“The strangest feature of this new signal is that it has a very high polarization,” said Ziteng Wang, lead author of the new study and a doctoral student at the Faculty of Physics, University of Sydney. But that’s not all, “the brightness of the object also changes dramatically, up to a hundred times – and these changes are probably completely random. We have never seen anything like it, “the scientist added.
What could it be?
Many types of stars emit variable light throughout the electromagnetic spectrum. Thanks to the tremendous advances in radio astronomy, science already knows enough about similar objects: they can be pulsars, supernovae, or fast radio flashes.
But the new discovery does not fit into any of these boxes. “At first we thought it might be a pulsar. But the signals from this source do not match the data we expect from these types of celestial objects, “said Wang, whose team’s observation results published in the Astrophysical Journal.
Under his leadership, scientists found a strangely flashing signal using the ASKAP CSIRO radio telescope in Western Australia, then verified it by observing the MeerKAT telescope in South Africa.
“Looking towards the center of the Galaxy, we found the object ASKAP J173608.2-321635, named after its coordinates. This object was unique in that it was initially invisible, then became clear, seemingly extinct, and then reappeared. This behavior was quite extraordinary, “said the authors of the research.
After astronomers detected six radio signals from this source in nine months in 2020, they tried to find the object in visual light. But they found nothing. They turned to the Parkes – radio telescope and again they could not detect the source.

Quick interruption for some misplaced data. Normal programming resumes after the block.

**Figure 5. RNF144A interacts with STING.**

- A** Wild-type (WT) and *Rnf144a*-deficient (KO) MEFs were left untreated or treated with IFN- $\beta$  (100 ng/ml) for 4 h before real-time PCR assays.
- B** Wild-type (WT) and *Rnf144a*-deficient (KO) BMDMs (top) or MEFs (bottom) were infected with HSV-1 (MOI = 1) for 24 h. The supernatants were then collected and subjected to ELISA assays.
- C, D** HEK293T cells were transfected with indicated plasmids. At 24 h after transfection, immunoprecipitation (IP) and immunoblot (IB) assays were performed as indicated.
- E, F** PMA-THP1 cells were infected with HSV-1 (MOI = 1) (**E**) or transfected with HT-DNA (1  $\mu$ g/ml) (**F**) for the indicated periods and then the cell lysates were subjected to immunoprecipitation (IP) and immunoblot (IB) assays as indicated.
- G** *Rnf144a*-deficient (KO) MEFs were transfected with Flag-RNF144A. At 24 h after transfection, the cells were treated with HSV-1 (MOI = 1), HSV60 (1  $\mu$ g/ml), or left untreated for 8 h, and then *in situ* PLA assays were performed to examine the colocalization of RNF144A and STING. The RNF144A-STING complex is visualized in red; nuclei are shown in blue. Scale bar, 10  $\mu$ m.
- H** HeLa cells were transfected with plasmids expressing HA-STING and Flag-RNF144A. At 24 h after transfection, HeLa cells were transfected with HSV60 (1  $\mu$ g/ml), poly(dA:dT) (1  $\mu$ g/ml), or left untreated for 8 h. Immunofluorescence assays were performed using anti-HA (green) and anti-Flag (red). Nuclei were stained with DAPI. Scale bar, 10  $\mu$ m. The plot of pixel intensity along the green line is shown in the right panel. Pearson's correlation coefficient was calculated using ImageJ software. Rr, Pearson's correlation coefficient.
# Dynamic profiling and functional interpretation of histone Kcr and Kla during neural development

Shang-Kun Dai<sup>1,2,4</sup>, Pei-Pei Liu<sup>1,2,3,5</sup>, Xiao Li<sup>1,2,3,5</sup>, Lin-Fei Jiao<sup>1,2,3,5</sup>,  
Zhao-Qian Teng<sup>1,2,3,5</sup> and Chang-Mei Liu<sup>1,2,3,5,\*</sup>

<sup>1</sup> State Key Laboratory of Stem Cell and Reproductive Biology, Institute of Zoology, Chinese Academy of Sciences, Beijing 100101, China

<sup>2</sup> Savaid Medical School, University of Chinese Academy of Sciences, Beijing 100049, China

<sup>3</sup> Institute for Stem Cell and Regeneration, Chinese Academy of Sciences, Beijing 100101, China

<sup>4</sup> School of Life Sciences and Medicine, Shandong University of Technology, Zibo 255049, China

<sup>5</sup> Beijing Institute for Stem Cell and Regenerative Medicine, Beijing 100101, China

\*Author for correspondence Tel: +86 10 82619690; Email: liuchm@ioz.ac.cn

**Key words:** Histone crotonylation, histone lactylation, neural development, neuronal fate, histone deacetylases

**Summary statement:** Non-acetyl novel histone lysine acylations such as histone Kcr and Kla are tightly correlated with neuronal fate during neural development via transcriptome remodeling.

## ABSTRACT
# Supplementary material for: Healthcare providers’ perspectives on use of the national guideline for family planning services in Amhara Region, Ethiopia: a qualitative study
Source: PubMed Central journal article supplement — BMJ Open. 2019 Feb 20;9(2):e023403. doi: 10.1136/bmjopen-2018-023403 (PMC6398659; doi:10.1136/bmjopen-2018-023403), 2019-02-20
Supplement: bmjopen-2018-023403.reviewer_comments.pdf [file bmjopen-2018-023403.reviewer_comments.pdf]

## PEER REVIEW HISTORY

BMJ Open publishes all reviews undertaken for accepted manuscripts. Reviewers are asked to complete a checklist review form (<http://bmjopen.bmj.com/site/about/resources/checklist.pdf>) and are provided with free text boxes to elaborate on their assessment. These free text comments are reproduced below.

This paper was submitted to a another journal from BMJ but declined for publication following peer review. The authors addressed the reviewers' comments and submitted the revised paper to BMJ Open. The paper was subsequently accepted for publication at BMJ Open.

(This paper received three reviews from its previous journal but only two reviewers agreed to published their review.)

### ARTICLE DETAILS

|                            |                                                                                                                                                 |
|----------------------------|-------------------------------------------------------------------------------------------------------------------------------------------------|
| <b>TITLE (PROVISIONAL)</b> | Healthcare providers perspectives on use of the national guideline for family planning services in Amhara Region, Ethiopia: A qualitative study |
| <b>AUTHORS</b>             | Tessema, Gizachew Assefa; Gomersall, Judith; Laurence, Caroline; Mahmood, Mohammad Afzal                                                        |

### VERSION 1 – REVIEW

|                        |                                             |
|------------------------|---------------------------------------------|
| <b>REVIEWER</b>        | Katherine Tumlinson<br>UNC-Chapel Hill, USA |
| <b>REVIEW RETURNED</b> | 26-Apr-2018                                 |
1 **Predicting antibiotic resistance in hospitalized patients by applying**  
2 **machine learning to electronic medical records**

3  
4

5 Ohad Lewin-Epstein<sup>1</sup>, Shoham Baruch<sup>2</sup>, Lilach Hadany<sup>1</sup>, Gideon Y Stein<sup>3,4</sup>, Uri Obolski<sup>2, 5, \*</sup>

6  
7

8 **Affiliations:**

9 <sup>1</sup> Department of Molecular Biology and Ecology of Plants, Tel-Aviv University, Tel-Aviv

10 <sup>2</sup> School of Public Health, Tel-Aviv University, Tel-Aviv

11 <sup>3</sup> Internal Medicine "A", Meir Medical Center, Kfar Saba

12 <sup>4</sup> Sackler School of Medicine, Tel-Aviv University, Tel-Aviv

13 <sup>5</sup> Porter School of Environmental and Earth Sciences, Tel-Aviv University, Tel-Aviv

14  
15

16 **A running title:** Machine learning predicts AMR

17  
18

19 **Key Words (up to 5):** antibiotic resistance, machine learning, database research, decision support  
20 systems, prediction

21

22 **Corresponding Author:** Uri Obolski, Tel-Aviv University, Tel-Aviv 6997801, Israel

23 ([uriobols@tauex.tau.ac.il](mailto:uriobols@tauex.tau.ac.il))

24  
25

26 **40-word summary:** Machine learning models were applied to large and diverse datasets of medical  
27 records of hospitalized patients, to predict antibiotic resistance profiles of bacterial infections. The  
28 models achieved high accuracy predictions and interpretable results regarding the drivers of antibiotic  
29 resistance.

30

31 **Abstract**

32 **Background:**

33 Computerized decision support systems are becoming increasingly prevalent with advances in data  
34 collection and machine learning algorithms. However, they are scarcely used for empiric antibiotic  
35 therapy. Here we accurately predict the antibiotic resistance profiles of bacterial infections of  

“We found it to be a very interesting source,” astronomers said. “Then we tested the more sensitive MeerKAT radio telescope in South Africa. Because the signal was intermittent, we watched it every 15 weeks for 15 minutes, hoping to see it again. “
When the signal finally returned, they found that the behavior of its source had changed dramatically – the source disappeared in a single day, although it had taken weeks in previous observations on ASKAP. Perhaps most similar to this signal is the recently discovered class of cosmic objects called transient radio sources in the galactic center. Specifically, a subtype that earned the nickname “cosmic burper.”
But this resemblance is far from perfect; therefore, scientists want to study the remarkable behavior of cosmic oddity in the years to come. They hope for a new technical tool – the SKA (Square Kilometer Array) transcontinental radio telescope will be put into operation over the next decade. He will be so powerful that he could reveal the veil of mystery around ASKAP J173608.2-321635.